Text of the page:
Nine Things I Learned from 40 Days (and Nights) of Christian Media. Yes, it’s over.

Media cloud, VLADGRIN / Shutterstock.com

Media cloud, VLADGRIN / Shutterstock.com

On March 12, I made the decision to consume nothing but Christian media for forty days and to document the experience.  I wasn’t angling for a book deal, or trying to increase revenue by upping clicks on my blog (I make no money off of this blog).  I just wanted to see what would happen if I restricted myself to a steady diet of media created by Christians, for Christians, the kind you could only buy from a Christian bookstore.

Would I grow in some way?  Spiritually?  Physically?  Mentally?  Would it somehow make me into a more sincere and effective Christian?  Would I snap and throw my laptop from my 16th floor balcony?

Well, as of today (due to some international travel that messed up the days a bit) those forty days are finally over, and while I did have to get a new laptop, it was because of catastrophic systems failure in the old one, and not because of a Christian-media-induced mental breakdown.

And that sound you hear is me, breathing.

Deep breaths.

Deep, cleansing, cautious breaths.

My first official non-Christian-made media as I’m coming off the forty days?  Hans Zimmer’s Interstellar soundtrack.

Man, I missed me some Hans Zimmer.

Yesterday, my wife asked me if I’d learned anything over the past forty days, and I’d like to answer her question here, for anyone to see.

LESSONS LEARNED FROM THE 40 DAYS (AND NIGHTS) OF CHRISTIAN MEDIA CHALLENGE

Over the past 40 days…

1.  You take the good, you take the bad…

I have learned that, like with regular media, there are some really good bits of Christian media and there are some incredibly horrid bits.  The incredibly horrid bits are typically the ones that get the most attention and marketing money, and get sold by Christian retailers.  The really good bits are typically harder to find, but it’s worth the effort.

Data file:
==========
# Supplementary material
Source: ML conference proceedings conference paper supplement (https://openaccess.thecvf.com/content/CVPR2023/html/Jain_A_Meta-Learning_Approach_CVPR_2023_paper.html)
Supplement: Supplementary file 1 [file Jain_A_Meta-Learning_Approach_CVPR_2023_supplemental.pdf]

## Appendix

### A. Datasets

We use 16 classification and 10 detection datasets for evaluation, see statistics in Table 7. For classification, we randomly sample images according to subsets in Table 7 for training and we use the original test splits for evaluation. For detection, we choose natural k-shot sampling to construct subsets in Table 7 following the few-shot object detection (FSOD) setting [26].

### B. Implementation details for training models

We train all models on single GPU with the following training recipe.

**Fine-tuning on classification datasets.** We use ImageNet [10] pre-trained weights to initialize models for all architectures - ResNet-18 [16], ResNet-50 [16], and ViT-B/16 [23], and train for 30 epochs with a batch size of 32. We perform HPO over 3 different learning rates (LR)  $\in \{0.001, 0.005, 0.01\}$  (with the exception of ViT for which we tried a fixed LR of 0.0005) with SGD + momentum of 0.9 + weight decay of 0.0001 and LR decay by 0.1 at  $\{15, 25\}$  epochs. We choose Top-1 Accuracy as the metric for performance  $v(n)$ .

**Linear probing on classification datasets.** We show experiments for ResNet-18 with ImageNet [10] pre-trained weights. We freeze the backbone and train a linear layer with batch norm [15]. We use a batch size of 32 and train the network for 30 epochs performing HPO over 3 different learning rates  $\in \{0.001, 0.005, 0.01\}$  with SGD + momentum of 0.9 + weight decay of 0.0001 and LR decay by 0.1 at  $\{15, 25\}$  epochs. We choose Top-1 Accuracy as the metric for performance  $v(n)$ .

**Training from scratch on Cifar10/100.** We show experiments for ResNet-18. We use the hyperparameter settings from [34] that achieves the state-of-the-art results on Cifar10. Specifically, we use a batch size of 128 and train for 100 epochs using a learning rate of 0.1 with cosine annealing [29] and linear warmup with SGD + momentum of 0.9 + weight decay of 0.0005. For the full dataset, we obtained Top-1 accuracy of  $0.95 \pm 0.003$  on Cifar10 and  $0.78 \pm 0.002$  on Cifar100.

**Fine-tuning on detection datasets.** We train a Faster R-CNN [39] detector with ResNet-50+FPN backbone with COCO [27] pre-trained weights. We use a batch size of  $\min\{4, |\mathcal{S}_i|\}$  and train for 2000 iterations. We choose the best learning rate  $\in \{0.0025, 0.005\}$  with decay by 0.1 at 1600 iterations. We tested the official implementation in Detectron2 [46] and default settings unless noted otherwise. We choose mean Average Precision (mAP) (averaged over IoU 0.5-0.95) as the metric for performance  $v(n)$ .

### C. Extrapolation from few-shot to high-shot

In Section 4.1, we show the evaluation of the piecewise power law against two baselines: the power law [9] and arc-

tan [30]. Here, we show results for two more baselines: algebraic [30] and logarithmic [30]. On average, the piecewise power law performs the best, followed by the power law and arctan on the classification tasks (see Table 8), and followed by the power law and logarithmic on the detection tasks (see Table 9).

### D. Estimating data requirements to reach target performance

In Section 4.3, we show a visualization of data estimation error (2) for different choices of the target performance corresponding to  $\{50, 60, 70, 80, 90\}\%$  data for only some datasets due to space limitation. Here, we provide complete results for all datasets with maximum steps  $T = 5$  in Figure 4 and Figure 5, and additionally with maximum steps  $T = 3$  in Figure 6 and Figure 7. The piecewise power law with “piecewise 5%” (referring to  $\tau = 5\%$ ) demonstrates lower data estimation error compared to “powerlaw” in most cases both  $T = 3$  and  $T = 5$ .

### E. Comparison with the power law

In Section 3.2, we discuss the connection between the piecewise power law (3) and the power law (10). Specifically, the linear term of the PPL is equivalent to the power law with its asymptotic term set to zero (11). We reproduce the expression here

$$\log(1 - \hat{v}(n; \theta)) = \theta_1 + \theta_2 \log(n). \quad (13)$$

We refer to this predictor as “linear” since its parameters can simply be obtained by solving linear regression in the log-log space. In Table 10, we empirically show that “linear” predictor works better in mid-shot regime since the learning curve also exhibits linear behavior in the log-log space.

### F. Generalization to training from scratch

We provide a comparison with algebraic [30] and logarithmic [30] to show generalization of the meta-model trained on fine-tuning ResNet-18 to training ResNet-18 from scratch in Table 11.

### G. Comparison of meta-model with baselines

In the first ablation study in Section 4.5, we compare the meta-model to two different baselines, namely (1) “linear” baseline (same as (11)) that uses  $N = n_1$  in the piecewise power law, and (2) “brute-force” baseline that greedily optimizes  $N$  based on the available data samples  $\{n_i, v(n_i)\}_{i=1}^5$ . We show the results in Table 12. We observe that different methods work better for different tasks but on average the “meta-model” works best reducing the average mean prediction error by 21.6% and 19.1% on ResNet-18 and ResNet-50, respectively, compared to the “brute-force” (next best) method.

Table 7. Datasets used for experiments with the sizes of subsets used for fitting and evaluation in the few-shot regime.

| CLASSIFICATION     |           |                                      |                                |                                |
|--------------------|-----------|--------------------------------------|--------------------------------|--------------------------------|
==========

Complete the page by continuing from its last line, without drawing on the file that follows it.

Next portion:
Balaam and the angel, painting from Gustav Jaeger, 1836.

Balaam and the angel, painting from Gustav Jaeger, 1836.

2.  The Balaam’s Donkey Effect

I have learned to my surprise that God even uses the incredibly horrid bits of Christian media to encourage people.  I have no idea why He does this, but I call it The Balaam’s Donkey Effect.

As Rich said, you never know who God is gonna use.

3.  Misuse of The Balaam’s Donkey Effect

I have learned that some Christian media producers take the Balaam’s Donkey Effect to mean that you can produce media with good intentions alone and God will bless it because of those good intentions.

They seem to forget that the Bible has a lot to say about excellence.

4.  The True Salt and Lighters

I have learned that there are Christian producers of media, true “salt and lighters”, working very hard within traditional media companies to produce great work that is not necessarily obviously Christian.

I’ve also learned that these people don’t get near the attention from within the church as do the obvious Christian media producers.

And this is going to be hard to hear, but I think that it needs to be said:  I have concluded that this is really stupid and short-sighted on the part of the church.